• Launching a new program this year to reduce the prevalence of casualties from bombs, landmines and other ordnance across the country.

  • “Supporting the production and airing of television and radio spots in numerous affected provinces throughout the country.

  • “Supporting the dissemination of UXO/mine warning signs in affected areas, (as well as) information dissemination activities through existing health care networks, peer education activities for children and youth, and expanding inclusive education activities to provide additional opportunities for disabled children to attend school and in-school awareness activities.”10


A young boy awaits to having his prosthesis fitted.

At epidemic rates, landmines have claimed the health and livelihood of millions throughout southeast Asia. As the victim toll has increased to alarming proportions, many organizations have taken it upon themselves to assist these nations in any means possible. Although landmines have taken hope away from these victims, these organizations have given these disadvantaged people a chance to start again and lead a more productive life. “That’s what it’s all about,” Ca Van Tran states. “We not only need to heal the physical wounds, but deal with the emotional scars as well, and restore hope where there was none.”12


  1. Vietnam Veterans of America Foundation. “VVAF’s Humanitarian Program—Brief Country History.” 
  2. Clear Path International. “Cambodia—The Killing Fields Continue.” 
  3. Vietnam Veterans of America Foundation. “VVAF’s Humanitarian Program—Project History.” 
  4. Vietnam Veterans of America Foundation “VVAF’s Humanitarian Program—Kratie Physical Rehabilitation Center.”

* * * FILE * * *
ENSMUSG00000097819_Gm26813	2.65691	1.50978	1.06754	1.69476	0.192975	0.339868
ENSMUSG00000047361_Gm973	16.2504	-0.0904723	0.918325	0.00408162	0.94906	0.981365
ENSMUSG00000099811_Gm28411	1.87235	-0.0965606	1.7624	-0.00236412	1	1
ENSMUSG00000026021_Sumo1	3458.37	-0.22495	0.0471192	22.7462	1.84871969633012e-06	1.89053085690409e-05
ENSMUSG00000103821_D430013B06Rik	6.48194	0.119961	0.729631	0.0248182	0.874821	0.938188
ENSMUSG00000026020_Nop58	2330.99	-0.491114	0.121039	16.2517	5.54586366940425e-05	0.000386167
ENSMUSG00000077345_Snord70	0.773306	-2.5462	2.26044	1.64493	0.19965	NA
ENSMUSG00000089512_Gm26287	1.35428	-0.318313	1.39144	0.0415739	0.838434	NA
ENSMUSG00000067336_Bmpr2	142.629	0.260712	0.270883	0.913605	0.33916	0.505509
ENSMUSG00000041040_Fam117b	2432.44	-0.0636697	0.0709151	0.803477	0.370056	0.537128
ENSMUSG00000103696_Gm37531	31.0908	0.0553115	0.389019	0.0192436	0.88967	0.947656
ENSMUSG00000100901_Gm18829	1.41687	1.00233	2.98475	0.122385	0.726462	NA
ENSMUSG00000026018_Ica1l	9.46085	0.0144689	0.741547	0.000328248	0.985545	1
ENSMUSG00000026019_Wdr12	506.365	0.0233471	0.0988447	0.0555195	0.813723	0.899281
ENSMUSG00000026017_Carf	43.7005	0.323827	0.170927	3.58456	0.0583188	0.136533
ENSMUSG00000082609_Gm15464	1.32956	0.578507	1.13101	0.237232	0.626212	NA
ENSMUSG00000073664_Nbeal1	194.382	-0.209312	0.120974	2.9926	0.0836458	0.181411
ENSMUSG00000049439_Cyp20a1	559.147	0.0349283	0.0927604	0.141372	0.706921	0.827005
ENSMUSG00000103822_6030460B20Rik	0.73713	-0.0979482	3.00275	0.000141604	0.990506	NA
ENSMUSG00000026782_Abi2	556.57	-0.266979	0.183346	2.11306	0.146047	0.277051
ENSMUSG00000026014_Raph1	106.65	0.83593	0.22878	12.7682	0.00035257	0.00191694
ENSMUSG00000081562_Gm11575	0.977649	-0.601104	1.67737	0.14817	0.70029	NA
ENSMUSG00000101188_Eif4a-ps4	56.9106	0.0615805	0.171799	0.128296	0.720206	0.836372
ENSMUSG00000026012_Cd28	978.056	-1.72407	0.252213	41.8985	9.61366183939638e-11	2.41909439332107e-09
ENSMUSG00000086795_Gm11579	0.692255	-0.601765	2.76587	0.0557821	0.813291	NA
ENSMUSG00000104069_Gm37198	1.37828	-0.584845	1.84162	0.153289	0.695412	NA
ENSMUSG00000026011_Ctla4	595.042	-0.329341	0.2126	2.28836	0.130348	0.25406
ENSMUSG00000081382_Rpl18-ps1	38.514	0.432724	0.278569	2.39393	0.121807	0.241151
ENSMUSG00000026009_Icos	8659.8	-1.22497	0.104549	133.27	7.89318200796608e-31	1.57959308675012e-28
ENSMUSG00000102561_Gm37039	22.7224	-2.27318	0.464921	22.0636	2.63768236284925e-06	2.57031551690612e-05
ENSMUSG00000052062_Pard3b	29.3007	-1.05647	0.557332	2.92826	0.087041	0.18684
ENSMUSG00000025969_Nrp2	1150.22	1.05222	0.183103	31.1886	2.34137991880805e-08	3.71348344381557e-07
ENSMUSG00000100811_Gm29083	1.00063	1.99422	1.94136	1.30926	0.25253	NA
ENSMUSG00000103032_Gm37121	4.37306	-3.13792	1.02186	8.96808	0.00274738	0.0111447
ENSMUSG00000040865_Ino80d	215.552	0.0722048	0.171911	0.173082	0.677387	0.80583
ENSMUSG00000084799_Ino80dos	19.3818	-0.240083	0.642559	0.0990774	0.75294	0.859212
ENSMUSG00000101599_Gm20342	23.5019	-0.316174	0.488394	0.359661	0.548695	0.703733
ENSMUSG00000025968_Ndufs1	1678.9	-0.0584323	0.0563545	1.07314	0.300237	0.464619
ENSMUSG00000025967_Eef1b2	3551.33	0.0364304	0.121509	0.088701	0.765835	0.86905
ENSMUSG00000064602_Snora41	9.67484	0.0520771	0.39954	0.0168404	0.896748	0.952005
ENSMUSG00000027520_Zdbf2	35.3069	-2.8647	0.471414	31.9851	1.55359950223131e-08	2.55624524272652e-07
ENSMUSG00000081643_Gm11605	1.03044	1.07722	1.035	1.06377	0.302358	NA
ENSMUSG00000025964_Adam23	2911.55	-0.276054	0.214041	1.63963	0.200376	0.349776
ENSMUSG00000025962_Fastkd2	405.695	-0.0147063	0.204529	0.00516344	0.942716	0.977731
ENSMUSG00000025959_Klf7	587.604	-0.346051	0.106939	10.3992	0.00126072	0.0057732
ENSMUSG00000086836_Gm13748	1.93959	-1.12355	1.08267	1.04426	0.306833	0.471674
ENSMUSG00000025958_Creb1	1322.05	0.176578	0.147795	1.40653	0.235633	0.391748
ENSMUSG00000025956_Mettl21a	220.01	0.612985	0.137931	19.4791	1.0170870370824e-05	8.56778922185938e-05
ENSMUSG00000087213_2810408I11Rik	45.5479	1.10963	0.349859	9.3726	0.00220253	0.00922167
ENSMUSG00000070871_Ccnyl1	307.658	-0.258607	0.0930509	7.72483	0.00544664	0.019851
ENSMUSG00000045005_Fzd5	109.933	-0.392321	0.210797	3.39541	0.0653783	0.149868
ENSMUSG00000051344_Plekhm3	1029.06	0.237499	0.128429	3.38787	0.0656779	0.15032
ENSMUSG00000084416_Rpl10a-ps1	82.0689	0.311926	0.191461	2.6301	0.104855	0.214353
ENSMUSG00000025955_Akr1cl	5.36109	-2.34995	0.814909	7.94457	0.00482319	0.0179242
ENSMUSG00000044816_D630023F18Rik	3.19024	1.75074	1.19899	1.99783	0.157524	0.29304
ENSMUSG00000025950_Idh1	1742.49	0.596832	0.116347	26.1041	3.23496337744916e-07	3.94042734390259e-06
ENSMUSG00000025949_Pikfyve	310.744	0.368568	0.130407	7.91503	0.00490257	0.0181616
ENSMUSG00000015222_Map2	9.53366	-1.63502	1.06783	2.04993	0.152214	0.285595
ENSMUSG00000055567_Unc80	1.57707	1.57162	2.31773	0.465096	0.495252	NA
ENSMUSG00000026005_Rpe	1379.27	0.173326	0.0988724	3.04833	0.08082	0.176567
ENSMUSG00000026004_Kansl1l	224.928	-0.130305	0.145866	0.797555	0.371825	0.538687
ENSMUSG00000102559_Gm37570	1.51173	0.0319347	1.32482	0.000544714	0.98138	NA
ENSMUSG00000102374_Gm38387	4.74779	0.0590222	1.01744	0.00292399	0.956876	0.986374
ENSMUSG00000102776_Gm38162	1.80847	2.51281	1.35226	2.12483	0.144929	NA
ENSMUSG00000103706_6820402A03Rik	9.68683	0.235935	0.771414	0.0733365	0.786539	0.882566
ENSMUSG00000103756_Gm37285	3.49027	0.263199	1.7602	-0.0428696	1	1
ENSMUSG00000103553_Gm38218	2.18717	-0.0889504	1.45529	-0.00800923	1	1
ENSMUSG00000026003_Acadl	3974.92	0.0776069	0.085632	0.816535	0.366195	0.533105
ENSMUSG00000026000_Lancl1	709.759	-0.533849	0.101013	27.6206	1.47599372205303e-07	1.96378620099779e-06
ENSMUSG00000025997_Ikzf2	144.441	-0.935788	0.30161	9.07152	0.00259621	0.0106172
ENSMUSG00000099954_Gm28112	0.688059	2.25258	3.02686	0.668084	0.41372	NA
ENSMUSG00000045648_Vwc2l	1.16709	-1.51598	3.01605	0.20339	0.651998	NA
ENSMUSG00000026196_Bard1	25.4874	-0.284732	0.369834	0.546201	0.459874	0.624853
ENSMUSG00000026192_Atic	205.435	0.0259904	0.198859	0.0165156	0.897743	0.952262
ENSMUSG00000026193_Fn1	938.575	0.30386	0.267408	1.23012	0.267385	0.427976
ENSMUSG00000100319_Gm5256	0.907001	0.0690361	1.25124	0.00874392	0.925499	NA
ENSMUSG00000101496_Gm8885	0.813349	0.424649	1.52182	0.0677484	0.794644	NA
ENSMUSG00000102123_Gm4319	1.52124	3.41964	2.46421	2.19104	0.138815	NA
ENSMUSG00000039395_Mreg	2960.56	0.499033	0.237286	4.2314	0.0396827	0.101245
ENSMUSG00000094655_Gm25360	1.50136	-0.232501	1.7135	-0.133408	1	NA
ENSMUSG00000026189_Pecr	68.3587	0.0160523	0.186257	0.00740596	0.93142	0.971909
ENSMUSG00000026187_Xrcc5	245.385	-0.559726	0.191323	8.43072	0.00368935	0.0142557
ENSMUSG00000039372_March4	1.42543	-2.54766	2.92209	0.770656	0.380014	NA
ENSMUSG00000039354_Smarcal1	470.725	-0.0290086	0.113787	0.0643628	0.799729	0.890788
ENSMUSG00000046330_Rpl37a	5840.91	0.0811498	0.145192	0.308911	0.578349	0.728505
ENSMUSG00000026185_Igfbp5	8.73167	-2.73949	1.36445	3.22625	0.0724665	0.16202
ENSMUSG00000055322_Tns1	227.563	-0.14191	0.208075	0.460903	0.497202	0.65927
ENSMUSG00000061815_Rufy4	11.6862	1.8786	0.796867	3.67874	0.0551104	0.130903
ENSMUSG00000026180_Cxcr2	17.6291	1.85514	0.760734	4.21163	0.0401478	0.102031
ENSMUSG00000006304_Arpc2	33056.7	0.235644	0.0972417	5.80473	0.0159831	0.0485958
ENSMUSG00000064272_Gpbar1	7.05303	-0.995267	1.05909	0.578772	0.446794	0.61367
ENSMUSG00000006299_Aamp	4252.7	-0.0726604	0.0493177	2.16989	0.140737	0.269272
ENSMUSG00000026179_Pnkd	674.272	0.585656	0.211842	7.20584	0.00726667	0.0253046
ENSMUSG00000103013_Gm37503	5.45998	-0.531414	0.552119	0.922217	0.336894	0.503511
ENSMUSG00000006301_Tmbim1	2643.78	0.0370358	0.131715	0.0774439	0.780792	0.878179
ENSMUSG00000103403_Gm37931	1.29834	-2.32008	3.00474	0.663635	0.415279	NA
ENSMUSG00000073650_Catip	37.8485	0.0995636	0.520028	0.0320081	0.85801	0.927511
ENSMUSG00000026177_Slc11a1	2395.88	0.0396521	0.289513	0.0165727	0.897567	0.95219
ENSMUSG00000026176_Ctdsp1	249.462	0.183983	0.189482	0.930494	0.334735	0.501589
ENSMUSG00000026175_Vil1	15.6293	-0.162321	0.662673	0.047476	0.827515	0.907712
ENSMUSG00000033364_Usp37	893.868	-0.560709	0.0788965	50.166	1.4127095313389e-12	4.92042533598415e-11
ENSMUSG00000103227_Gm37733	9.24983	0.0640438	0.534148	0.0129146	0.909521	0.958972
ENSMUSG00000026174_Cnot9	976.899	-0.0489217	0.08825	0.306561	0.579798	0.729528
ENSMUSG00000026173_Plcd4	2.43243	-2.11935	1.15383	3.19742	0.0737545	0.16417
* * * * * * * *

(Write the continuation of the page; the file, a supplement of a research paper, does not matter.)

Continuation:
5. Vietnam Veterans of America Foundation. “VVAF’s Humanitarian Program—Sports for Life Promotes Health, Confidence and Cooperation.” 
  6. Personal E-mail correspondence with Hay Kim Tha. August 12, 2002.
  7. Clear Path International. “Who We Are.” 
  8. Clear Path International. “Thailand—Mae Sot Clinic.” 
  9. Handicap International. “Landmine Victim Assistance, World Report 2001 (Asia-Pacific).” 
  10. UNICEF. “The Lingering Scourge of Bombs and Landmines in Viet Nam.” 
  11. Viet-Nam Assistance for the Handicapped. “VNAH Gives Help and Hope to the Disabled.” 2002. 
  12. Reaves, Joseph. “Ca Van Tran’s Last Battle.” Reader’s Digest. February, 1997. Viet-Nam Assistance for the Handicapped. 
  13. Viet-Nam Assistance for the Handicapped. “Assistive Devices.” 

*All photos courtesy of Clear Path International

Contact Information

Vietnam Veterans of America Foundation (VVAF)
1725 Eye Street NW
Fourth Floor
Washington, DC 20006-2412
Phone: 202-483-9222

Cambodian Handicraft Association (CHA)
House #40, 160 St.
Sangkat Teak Laok 2
Khan Tuol Kok
P.O. Box 1396
Phnom Penh, Cambodia
Phone: 855-23-881-720

Clear Path International
P.O. Box 945
Dorset, VT 05251
Phone: 802-867-0208

Handicap International
Susan Walker
Phone: 207-935-2633

Viet-Nam Assistance for the Handicapped
P.O. Box 6554
McLean, VA 22106
Phone: 703-847-9582

United Nations Children’s Fund (UNICEF)